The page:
Within Mexico, the collapse of buildings, including churches, residences, and at least one shelter on the Mexico-Guatemala border, left migrants en route to their final destinations in the north more vulnerable. Even so, the Central Americans staying at that shelter banded together in teams to clean-up the post-earthquake rubble, like their counterparts in the U.S., contributing to the recovery efforts.
Climate and Migration
Climate and related natural upheavals have always been contributing factors in migration. Even when they do not involve temporary evacuation or permanent displacement, they interrupt daily lives in profound and often prolonged ways. Clean-up, rebuilding, loss of the local businesses, impacts on schools and hospitals, access to food and livelihood all take a toll, often to a degree that pushes individuals and families to leave in order to survive. A significant proportion of the 65 million migrants and refugees today have fled climate events—earthquakes, hurricanes, droughts, floods, famine, rising sea levels. As Pope Francis has pointed out, the unprecedented magnitude of displacement is a global humanitarian crisis. From the time of Hurricane Mitch in 1998, when the number of Honduran immigrants entering the U.S. rose sharply, to the current extreme drought in El Salvador causing so many to flee, the number of climate refugees and migrants continues to grow. Just this past month, the United Nations General Assembly met to discuss humanitarian aid responses to climate disasters, a long-time concern and particularly poignant against the backdrop of Hurricane Maria recently making landfall in Puerto Rico.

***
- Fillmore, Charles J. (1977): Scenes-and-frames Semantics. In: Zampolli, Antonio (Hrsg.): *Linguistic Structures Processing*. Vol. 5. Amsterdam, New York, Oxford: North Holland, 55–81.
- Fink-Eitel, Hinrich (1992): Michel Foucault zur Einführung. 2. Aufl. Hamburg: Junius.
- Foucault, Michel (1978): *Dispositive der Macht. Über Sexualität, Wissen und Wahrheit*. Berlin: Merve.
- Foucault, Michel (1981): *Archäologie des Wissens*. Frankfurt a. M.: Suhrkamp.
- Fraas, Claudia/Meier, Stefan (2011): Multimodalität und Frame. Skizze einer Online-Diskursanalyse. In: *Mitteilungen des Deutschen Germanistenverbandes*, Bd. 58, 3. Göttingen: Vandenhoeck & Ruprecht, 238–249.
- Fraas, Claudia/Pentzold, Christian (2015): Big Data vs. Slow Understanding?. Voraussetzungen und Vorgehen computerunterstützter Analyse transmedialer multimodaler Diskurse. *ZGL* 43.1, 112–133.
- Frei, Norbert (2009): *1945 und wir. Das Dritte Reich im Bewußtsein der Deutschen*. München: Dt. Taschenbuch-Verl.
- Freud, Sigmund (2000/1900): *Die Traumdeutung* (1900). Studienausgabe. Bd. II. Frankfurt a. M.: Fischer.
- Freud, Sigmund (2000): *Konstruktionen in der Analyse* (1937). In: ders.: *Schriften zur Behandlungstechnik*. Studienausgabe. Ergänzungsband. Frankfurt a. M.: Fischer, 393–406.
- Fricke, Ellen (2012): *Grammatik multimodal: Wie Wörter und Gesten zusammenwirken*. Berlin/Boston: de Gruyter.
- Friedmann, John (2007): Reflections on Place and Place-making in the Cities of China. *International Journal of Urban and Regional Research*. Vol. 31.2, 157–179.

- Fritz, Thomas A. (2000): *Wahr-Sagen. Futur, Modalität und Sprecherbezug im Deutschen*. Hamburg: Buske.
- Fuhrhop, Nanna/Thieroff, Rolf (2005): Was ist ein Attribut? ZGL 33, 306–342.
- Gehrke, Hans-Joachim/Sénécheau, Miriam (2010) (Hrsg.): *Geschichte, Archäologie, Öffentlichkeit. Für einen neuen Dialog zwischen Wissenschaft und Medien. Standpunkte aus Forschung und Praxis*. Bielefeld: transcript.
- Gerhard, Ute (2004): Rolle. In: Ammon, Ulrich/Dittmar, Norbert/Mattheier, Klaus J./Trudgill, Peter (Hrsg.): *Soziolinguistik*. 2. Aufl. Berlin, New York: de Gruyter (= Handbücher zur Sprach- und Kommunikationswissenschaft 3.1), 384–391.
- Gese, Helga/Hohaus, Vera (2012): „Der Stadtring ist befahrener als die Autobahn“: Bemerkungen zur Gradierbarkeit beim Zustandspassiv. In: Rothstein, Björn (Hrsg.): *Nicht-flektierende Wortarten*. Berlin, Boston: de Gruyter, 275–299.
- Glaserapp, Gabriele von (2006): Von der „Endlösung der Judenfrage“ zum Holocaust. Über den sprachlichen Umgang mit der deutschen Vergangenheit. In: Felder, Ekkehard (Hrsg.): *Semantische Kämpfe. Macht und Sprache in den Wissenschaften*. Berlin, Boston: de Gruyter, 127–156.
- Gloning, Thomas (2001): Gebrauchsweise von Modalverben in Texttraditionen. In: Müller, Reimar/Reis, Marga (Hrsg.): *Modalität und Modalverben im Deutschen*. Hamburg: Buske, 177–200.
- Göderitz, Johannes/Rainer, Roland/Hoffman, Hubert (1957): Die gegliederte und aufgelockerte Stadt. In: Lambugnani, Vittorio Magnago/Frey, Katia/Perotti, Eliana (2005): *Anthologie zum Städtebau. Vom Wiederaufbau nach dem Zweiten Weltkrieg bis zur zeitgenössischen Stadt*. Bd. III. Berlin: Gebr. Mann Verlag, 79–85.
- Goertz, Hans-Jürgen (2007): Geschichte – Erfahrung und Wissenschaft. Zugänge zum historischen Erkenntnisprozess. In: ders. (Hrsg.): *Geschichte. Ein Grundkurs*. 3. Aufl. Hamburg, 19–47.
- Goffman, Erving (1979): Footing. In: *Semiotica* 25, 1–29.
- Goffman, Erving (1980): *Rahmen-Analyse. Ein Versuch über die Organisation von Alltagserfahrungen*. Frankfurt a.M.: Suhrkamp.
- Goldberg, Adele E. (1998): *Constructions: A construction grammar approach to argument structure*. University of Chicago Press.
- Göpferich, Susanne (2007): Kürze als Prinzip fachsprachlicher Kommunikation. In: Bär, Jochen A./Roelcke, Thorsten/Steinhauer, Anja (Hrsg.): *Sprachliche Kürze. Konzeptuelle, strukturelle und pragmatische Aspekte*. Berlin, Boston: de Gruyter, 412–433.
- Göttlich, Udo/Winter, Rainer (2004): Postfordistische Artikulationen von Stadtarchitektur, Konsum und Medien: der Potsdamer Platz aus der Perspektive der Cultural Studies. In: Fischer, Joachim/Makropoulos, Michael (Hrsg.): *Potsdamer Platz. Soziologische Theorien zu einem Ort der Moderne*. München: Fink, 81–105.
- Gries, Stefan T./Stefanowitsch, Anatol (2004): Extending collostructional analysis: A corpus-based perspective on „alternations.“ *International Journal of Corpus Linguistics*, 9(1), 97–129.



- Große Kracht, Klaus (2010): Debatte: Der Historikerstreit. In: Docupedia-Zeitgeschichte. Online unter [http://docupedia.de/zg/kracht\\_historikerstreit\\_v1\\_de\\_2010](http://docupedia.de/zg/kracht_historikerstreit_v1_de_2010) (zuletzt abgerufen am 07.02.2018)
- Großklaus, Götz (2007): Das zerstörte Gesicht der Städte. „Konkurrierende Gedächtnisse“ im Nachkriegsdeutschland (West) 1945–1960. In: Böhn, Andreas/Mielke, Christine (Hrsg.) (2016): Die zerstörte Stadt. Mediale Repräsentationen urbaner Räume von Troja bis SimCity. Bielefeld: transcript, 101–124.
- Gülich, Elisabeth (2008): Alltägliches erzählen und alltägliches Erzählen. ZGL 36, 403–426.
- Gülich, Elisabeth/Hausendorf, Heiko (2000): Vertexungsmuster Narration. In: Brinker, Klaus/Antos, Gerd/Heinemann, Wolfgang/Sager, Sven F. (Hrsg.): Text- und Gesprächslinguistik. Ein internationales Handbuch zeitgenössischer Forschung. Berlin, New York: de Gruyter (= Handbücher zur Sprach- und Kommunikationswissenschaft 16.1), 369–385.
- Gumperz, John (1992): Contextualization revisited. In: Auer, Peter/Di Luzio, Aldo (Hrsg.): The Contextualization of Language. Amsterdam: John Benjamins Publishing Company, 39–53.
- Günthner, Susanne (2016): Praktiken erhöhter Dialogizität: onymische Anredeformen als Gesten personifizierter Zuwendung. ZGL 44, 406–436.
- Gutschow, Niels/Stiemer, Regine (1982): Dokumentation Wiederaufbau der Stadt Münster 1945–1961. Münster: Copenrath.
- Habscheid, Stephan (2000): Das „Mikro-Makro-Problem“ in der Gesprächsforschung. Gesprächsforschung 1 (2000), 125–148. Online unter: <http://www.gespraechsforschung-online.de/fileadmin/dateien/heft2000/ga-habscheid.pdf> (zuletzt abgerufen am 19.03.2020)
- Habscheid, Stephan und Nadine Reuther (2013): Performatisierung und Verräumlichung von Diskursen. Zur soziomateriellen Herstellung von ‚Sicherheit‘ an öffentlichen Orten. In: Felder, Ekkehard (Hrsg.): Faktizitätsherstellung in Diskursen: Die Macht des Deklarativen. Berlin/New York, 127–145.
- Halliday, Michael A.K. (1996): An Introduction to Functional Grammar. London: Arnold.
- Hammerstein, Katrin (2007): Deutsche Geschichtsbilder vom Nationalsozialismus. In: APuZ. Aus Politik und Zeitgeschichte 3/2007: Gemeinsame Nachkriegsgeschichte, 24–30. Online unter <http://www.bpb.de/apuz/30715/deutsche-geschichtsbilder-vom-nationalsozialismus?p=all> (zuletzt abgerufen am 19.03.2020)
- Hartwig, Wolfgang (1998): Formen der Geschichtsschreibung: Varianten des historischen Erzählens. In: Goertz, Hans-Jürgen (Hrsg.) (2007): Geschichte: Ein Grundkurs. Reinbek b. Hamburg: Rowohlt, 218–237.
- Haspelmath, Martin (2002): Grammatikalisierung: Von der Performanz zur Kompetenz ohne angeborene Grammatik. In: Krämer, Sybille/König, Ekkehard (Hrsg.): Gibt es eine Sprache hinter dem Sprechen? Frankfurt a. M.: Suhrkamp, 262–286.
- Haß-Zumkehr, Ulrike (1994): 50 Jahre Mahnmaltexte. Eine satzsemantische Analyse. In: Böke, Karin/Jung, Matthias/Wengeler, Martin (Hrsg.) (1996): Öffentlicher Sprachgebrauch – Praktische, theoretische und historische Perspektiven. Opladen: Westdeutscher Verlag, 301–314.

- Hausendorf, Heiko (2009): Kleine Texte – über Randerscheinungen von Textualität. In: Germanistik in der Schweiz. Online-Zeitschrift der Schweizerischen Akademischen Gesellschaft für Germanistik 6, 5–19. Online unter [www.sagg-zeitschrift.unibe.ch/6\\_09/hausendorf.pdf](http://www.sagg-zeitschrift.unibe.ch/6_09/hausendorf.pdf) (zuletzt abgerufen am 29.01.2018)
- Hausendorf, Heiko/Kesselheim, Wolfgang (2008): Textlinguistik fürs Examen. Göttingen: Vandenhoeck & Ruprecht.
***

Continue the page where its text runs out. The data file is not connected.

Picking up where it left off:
On the other end of the spectrum, U.S. private security companies and related businesses are prepping to exploit increased climate-related migration for profit, enhancing their services and ever-ready to submit bids for border wall construction. Tucson writer Todd Miller outlines the convergence of more stringent immigration policies, border militarization, and environmentally induced displacement in his new book, Storming the Wall: Climate Change, Migration, and Homeland Security (City Lights Books, September 2017). This is a growing area of study, and Miller’s book cautions about the crisis to come and the need for greater solidarity with vulnerable populations and accommodating policy responses moving forward.
Such an approach dovetails with KBI’s mission to aid migrants in need and advocate for more humane immigration policies. Whatever the root cause or event prompting people to leave their homelands—poverty, violence, war, climate events or a combination—human dignity, family unity, and the right to live free of danger or threat are principles worth defending and central to the KBI’s work.